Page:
Administrative Check-Up on Participant Plan Loans
The IRS just issued a memo to its auditors approving two different methods for calculating the statutory limitation on available loan amounts when a participant takes a new loan within 12 months of having paid off another loan or is obtaining a new loan with an other loan outstanding. In addition to verifying your recordkeeper is properly utilizing one of the two approved methods, it is also a great time for an overall plan loan check-up. Why? Because both IRS and DOL auditors will review a plan’s outstanding loans during plan audits.
Here are some things to review:
Documentation. If the government audits your plan, you need to produce copies of promissory notes, amortization schedules, payment history, and year-end plan loan balances for all plan loans. Obtain documents for either all or a sample of outstanding plan loans. Make sure you understand whether certain documents, such as amortization schedules, remain available only for a short period of time on the recordkeeping platform, and if so, consider printing those out on a routine basis to keep in your plan records.
Plan Loan Reconciliation. Check a sample or all of your plan loans to confirm that the terms are consistent with the plan’s loan policy, that payment history tracks your plan loan remittance records, and that the year-end plan loan balance can be reconciled to the amortization schedule for that plan loan. If you find discrepancies, you will need to determine why they exist.
Calculation of Maximum Plan Loan Amount. By statute, a plan loan may not exceed the lesser of:
(i) $50,000, reduced by any excess of
(I) The highest outstanding balance of loans during the 1-year period ending on the day before the date on which such loan was made, over (II) the outstanding balance of loans on the date on which such loan was made; or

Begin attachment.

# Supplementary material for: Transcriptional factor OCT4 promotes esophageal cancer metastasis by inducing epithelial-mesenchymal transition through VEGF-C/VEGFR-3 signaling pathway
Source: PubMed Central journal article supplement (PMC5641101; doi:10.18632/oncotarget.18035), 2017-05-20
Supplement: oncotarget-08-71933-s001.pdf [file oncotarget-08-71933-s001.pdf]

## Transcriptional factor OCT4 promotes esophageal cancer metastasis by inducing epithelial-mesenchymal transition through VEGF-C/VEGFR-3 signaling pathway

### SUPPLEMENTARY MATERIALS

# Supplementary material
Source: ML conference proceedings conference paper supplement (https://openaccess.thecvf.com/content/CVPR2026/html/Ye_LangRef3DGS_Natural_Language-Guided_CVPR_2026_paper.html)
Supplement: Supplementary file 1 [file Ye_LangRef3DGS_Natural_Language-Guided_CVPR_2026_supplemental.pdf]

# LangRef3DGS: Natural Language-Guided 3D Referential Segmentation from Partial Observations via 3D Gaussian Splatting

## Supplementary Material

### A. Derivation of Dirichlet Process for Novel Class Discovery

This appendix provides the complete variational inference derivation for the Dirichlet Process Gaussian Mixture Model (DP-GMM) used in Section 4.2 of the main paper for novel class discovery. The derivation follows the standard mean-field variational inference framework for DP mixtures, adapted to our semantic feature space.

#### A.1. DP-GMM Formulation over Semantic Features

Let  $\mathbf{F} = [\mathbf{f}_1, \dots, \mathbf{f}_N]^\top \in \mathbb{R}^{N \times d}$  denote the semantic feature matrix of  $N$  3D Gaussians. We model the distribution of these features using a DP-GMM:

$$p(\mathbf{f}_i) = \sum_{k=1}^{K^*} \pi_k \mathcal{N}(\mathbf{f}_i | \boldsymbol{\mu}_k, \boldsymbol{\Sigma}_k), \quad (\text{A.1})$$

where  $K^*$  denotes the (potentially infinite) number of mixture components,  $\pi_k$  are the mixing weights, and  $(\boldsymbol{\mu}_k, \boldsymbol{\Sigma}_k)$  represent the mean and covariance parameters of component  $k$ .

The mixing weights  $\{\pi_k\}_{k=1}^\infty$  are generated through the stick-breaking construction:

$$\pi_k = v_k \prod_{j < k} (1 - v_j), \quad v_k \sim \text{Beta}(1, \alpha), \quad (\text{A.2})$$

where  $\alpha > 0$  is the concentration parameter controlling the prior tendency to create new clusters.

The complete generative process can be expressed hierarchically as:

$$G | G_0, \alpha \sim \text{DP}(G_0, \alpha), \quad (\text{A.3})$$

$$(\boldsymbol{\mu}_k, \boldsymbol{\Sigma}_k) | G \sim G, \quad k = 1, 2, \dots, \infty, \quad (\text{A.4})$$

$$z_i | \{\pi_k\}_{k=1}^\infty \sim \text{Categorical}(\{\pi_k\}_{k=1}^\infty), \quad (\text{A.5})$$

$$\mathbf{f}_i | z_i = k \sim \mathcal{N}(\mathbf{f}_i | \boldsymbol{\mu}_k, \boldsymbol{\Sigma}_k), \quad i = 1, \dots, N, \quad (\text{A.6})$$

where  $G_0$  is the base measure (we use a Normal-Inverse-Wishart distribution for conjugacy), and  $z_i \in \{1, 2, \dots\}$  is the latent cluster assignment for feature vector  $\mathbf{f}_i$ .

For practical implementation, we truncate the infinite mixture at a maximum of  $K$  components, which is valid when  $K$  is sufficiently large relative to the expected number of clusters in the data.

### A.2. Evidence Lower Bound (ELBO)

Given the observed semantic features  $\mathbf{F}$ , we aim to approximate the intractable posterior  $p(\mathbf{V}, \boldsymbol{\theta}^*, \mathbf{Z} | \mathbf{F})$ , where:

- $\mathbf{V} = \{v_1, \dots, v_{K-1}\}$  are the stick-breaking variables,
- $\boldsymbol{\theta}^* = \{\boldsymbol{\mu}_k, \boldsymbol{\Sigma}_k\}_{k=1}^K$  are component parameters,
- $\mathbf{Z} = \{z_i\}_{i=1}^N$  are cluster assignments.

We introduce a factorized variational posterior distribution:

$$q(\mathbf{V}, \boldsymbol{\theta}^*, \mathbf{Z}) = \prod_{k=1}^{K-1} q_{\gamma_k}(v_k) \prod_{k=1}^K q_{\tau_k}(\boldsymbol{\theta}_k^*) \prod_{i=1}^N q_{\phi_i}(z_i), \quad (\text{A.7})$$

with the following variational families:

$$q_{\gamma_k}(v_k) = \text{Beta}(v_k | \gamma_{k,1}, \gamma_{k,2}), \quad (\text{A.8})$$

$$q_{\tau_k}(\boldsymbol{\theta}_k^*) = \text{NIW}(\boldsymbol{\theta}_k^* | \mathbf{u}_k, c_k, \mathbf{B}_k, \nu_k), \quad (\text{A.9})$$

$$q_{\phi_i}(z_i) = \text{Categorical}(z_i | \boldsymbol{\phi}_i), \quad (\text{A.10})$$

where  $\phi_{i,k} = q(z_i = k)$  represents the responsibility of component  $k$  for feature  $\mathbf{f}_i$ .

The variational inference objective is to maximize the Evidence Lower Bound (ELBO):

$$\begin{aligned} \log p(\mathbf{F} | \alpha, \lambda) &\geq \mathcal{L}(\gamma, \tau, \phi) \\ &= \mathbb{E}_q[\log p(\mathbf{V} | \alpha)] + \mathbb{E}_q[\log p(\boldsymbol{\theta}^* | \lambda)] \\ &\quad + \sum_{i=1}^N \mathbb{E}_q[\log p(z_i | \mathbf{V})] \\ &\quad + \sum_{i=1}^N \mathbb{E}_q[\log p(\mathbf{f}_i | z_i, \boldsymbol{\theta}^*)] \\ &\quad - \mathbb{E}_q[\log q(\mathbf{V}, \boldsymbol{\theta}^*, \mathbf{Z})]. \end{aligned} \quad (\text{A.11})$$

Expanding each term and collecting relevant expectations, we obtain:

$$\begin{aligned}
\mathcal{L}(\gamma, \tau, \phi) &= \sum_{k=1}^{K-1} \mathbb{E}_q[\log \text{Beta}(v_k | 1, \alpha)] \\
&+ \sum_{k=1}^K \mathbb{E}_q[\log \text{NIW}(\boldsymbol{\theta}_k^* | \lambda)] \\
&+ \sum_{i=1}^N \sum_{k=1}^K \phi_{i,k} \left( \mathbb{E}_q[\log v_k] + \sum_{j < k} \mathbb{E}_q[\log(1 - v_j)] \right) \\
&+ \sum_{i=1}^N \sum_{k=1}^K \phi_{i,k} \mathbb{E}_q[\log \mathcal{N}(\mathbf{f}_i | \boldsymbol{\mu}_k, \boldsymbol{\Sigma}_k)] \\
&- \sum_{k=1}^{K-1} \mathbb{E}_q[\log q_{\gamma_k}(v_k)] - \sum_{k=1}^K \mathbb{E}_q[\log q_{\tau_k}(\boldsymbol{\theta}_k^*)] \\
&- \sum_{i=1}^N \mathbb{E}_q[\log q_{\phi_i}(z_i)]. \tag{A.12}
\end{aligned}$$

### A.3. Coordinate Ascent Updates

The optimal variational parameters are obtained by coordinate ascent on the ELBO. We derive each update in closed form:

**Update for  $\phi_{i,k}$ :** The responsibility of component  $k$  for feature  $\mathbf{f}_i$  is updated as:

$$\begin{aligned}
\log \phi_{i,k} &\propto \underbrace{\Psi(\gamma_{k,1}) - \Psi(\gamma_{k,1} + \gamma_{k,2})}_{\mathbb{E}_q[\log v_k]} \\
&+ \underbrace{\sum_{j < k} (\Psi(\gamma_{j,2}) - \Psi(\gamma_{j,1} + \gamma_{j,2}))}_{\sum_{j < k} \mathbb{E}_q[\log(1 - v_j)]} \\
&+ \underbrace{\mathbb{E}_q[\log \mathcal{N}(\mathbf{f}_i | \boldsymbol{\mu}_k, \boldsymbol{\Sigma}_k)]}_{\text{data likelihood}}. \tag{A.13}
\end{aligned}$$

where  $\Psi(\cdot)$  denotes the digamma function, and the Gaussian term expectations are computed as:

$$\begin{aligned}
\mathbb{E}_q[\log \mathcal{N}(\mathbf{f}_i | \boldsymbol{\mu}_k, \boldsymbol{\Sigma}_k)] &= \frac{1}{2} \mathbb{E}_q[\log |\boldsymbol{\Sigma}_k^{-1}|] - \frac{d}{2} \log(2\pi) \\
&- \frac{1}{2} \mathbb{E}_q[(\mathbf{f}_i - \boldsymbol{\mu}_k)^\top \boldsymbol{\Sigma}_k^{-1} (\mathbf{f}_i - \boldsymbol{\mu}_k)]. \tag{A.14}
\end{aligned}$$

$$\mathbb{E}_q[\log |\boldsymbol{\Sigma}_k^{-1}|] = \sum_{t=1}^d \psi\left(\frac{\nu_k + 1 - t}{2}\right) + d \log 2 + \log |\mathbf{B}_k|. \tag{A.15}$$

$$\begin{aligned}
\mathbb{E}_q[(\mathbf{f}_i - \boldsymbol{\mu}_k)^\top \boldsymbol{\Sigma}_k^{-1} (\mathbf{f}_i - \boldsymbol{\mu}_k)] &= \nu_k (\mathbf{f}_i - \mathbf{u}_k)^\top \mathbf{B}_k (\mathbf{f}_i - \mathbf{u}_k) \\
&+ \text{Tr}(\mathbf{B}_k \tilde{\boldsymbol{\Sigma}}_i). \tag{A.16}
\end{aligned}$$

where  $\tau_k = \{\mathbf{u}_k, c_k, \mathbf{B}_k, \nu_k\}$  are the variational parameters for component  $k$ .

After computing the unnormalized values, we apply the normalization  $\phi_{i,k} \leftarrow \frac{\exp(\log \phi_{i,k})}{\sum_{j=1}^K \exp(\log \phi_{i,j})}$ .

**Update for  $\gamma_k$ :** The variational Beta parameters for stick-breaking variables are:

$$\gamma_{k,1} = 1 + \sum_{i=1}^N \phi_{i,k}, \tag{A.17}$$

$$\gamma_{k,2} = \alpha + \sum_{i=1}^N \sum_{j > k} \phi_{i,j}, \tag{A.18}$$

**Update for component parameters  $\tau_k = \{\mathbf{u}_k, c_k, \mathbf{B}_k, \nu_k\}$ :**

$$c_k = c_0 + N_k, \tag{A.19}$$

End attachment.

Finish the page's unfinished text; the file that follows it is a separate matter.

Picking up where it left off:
(ii) the greater of
(I) half of the present value of the vested accrued benefit, or (II) $10,000.
Note that calculation of the limitation under the first prong of (i) above can come into play even for plans that only allow one plan loan to be outstanding at any time. The IRS memo to its auditors provides instruction on two alternative ways to calculate the first prong of the limitation above:
For example, a participant borrowed $30,000 in February which was fully repaid in April and $20,000 in May which was fully repaid in July, before applying for a third loan in December. The plan may determine that no further loan would be available, since $30,000 + $20,000 = $50,000. Alternatively, the plan may identify “the highest outstanding balance” during the 1-year period as $30,000, and permit the third loan in the amount of $20,000.
You will want to verify that your recordkeeper is applying one of the two above-referenced calculations in determining the maximum available loan amount.
If your plan loan check-up finds everything is order, congratulations! Keep a record of your diligence and the results. If you find an error, remember, errors in administering plan loans are common enough that the IRS and DOL have standard correction procedures for correcting plan loans under their voluntary compliance programs. As always, we recommend that plan sponsors consult with employee benefits legal or tax counsel when plan errors are detected.